The Art of Speaking
By Gaurav Talwar, 2nd year Life Sciences Student
Your adrenaline begins to pump. You feel your sweaty palms. Your legs begin to shake.
We all have been in one situation or another where the task of having to speak in front of a group of people seemed overly daunting and perhaps more difficult than writing a final exam. Whether that situation be responding to a professor’s question in an auditorium of 500 students, attending a job interview where your first impression really matters or simply giving a class presentation, we are repeatedly faced with the challenge of overcoming our fear of public speaking. However, as terrifying as we may make the situation seem, there IS A WAY to overcome our fear and to embrace public speaking in a more pleasant and enjoyable manner.
Personally, public speaking has been a passion for me since middle school. Despite feeling anxious before each time I spoke and oftentimes not doing as well as I hoped, I found myself becoming increasingly motivated to speak in front of large groups of people and to share my ideas. Simply put, I began to view public speaking as a form of art. Similar to how a painter may combine different colours, shapes and painting techniques to create a picture or how a musician may use different notes to create a complex rhythm, a public speaker tries to convey a particular message using a perfect balance of words and presentation techniques. Sometimes an artist finds a perfect balance while during other times they don’t. However, they do not give up after a rough patch of trials and instead practice their skills to perfection.
With that aim, I decided to join a public speaking club here at Queen’s called Agora Speakers. During each of our meetings, we have the opportunity of giving impromptu speeches regarding various themes (sometimes interview questions, business style, anecdotes, scary stories during Halloween…) and to present any prepared presentations we may have for a course or outside commitment. The best part is that the club is totally student run! The club meets every Monday, from 6:30pm to 8:00pm in the JDUC and is a great place to practice your public speaking skills without the fear of being judged or making a mistake!
Just as a starting point, here are a few techniques which I have found to be very effective in giving presentations:
- If you have very little time to prepare for a response, try to find a structure. Figure out the first AND the last sentence of your speech and the main points you want to address in between. By having your speech mapped out in a logical manner, you can work off of a general outline and can guide yourself towards little goals during your speech.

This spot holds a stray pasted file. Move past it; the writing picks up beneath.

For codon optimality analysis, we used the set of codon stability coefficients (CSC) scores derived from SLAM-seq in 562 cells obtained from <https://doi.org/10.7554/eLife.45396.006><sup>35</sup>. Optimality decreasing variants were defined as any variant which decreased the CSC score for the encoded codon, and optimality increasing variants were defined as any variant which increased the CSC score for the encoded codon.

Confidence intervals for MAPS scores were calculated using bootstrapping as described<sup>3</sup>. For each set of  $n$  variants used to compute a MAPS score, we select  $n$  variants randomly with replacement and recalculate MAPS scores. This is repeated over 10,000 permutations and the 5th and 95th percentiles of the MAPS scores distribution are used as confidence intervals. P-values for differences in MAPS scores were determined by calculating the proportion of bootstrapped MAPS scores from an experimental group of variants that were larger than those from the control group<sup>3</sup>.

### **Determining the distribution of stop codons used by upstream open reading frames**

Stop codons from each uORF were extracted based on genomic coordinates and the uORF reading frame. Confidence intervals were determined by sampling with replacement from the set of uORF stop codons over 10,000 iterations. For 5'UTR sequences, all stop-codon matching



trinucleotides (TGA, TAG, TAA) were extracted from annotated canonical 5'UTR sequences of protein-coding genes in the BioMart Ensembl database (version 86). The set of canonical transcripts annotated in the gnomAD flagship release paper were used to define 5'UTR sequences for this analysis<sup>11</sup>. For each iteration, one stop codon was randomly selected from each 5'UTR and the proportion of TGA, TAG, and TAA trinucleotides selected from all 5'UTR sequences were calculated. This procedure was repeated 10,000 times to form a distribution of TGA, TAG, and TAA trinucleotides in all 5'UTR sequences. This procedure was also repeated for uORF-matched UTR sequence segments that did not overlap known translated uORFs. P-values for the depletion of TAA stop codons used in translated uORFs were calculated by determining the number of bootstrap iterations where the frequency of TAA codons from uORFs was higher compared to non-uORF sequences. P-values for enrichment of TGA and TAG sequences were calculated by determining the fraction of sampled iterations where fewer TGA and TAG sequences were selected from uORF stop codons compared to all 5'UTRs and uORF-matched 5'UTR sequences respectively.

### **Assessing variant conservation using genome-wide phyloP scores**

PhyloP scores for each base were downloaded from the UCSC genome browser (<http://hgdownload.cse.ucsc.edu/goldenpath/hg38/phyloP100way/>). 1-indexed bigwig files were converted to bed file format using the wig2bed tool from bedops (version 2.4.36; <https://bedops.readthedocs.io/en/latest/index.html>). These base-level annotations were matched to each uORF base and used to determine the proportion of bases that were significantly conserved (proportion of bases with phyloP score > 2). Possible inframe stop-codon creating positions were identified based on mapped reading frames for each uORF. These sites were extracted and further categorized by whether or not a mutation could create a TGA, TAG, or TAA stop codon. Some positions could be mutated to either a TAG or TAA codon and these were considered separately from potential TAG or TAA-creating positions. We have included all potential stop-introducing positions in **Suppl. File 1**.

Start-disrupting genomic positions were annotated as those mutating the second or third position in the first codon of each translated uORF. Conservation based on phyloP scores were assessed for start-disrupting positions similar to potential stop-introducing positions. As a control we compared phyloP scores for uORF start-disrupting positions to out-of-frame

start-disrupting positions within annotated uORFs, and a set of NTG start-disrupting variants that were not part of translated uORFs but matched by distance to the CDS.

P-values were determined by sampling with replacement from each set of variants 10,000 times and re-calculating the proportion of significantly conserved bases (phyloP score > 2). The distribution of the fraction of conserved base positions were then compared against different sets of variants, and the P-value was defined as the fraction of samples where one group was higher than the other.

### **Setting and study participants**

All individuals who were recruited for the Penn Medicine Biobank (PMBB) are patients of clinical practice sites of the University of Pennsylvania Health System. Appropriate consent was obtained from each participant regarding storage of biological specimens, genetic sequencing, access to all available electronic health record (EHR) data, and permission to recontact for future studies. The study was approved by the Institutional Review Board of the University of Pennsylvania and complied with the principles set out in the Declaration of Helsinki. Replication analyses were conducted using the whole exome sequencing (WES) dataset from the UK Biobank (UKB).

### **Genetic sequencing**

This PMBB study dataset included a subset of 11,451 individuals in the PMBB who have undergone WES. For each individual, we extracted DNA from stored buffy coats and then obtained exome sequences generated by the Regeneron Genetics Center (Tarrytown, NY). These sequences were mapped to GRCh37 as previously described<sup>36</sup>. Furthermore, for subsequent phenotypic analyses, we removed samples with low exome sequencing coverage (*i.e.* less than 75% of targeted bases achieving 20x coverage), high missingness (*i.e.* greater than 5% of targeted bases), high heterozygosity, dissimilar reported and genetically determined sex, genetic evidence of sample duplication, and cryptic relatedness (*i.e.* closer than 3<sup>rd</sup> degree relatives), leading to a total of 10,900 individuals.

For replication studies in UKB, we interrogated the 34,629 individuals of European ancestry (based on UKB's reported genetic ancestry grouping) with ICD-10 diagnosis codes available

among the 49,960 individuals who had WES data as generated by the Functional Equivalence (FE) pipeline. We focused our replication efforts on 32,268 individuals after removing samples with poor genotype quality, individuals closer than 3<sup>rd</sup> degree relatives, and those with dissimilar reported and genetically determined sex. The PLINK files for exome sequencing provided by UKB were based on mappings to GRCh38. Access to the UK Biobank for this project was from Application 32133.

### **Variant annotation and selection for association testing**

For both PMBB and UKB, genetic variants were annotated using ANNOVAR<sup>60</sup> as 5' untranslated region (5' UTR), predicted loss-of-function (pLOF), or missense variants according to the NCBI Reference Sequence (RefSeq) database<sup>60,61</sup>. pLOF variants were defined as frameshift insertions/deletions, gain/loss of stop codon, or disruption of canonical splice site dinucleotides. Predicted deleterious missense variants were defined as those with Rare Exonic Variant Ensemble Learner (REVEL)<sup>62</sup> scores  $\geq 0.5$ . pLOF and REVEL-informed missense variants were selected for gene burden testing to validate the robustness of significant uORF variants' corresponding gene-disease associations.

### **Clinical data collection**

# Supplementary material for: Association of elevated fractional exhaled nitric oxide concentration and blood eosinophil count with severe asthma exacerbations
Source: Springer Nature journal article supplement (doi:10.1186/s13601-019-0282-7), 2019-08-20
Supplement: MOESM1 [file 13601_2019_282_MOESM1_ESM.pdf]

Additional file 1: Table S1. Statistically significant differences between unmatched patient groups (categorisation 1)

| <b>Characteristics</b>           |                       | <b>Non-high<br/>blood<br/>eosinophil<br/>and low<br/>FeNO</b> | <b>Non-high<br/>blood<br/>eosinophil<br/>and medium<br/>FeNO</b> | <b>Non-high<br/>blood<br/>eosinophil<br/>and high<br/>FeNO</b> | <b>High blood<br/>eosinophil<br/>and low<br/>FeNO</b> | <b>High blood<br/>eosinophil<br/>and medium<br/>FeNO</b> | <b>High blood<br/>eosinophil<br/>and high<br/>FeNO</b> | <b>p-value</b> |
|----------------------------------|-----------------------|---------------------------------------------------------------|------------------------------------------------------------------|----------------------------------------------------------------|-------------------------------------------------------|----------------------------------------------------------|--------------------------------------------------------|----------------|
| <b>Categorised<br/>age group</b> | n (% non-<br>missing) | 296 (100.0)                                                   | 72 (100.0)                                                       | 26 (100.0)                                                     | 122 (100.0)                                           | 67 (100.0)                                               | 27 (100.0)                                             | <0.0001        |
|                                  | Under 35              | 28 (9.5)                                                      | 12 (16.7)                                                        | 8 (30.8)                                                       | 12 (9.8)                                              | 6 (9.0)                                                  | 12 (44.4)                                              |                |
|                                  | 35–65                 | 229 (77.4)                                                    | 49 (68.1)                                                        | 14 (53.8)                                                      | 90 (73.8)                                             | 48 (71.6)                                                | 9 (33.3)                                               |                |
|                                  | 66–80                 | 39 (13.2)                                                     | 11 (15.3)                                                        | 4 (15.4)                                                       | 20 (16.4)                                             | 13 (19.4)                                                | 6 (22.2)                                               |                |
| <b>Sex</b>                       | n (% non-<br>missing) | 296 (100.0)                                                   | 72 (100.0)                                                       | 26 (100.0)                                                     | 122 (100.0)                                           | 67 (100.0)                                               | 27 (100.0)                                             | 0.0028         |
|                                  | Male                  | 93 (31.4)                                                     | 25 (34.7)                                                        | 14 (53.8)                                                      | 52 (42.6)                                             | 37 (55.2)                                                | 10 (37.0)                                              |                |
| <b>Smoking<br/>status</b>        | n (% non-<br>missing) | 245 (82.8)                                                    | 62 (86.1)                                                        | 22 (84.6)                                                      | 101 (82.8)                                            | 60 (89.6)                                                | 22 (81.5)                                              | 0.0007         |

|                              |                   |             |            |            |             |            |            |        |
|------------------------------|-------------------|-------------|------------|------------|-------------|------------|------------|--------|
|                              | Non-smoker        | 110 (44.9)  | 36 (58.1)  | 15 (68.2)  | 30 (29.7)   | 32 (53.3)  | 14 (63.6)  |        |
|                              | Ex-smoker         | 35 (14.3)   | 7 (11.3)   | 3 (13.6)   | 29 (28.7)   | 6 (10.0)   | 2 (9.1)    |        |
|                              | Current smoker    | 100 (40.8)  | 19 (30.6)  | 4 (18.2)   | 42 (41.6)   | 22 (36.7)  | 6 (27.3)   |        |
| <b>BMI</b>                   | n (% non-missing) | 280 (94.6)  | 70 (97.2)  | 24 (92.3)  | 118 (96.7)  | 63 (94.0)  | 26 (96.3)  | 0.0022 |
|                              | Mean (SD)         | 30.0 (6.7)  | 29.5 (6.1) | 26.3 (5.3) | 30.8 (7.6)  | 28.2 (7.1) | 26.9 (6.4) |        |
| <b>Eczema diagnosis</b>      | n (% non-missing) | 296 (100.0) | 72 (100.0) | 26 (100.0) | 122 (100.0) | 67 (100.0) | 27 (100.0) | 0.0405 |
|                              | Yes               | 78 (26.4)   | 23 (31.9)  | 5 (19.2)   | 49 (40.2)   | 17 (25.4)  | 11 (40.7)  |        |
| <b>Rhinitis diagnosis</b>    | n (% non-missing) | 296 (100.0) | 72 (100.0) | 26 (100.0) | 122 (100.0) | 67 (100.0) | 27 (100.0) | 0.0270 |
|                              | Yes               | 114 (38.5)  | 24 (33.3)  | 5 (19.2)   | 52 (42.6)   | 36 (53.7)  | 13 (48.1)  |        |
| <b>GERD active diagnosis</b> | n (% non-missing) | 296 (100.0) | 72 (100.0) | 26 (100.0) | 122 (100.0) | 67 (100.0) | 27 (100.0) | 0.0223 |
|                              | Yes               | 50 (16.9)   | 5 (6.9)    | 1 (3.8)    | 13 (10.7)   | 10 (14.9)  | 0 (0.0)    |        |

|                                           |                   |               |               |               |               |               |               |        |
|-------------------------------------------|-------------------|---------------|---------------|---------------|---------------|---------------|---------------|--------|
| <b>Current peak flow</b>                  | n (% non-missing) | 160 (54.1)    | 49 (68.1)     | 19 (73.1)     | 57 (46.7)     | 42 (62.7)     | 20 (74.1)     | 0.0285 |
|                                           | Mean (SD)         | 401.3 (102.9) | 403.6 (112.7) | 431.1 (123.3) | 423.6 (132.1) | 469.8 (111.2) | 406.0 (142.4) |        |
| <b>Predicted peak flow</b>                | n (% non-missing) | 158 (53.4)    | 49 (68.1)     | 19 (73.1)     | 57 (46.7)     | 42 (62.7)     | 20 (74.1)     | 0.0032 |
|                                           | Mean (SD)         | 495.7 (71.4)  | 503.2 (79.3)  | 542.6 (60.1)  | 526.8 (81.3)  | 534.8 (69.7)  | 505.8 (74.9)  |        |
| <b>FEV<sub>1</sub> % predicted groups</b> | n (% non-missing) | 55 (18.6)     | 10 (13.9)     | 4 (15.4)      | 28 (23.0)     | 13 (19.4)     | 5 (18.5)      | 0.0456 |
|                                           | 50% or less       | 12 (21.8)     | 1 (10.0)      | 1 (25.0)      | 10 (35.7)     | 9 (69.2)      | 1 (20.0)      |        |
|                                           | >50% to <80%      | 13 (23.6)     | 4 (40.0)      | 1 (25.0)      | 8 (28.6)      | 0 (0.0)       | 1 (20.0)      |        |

- Avoiding using filler words. Filler words include “umm”, “like”, “you know” and anything else you may have a natural tendency to say when you are thinking out loud. As an alternative, practice varying your pace and using pauses. Having a 2-3 second pause in your speech may seem awkward and long to you, but it gives the audience a time to process what you have said and to get ready for what you will say next.
- Look confident! You may be very nervous inside, but the audience does not know that unless you tell them. If you fidget with papers in your hand, then perhaps try using cue cards instead of large scripts. If you move around aimlessly, then begin by planting your feet in a comfortable position. With practice, begin to walk around the room with purpose and use hand gestures to add emphasis to your key points.
- Don’t say sorry! When we make mistakes (e.g. you forget saying a sentence, need to back track for a bit, or need to pause), we often apologize. However, unless what you said is truly a major blunder, continue to move on. Saying sorry only adds emphasis to the mistake and forces the audience to notice it, even if they did not notice at first.
- Before a prepared presentation, record your practice presentations and watch them constructively critique yourself. Also, grab a few friends and ask them to give constructive feedback. Even better, join a club like Agora Speakers!
Hopefully with the few tips mentioned above and with a more positive outlook on public speaking, you can overcome any of the remaining stress you face when presenting (although feeling a little nervous is completely fine!). After all, public speaking is a form of art you have been practicing since the time you spoke your first few words. All you have to do now is to master the skill.
Photo courtesy of Brisbane City Council under Flickr Creative Commons Attribution license 2.0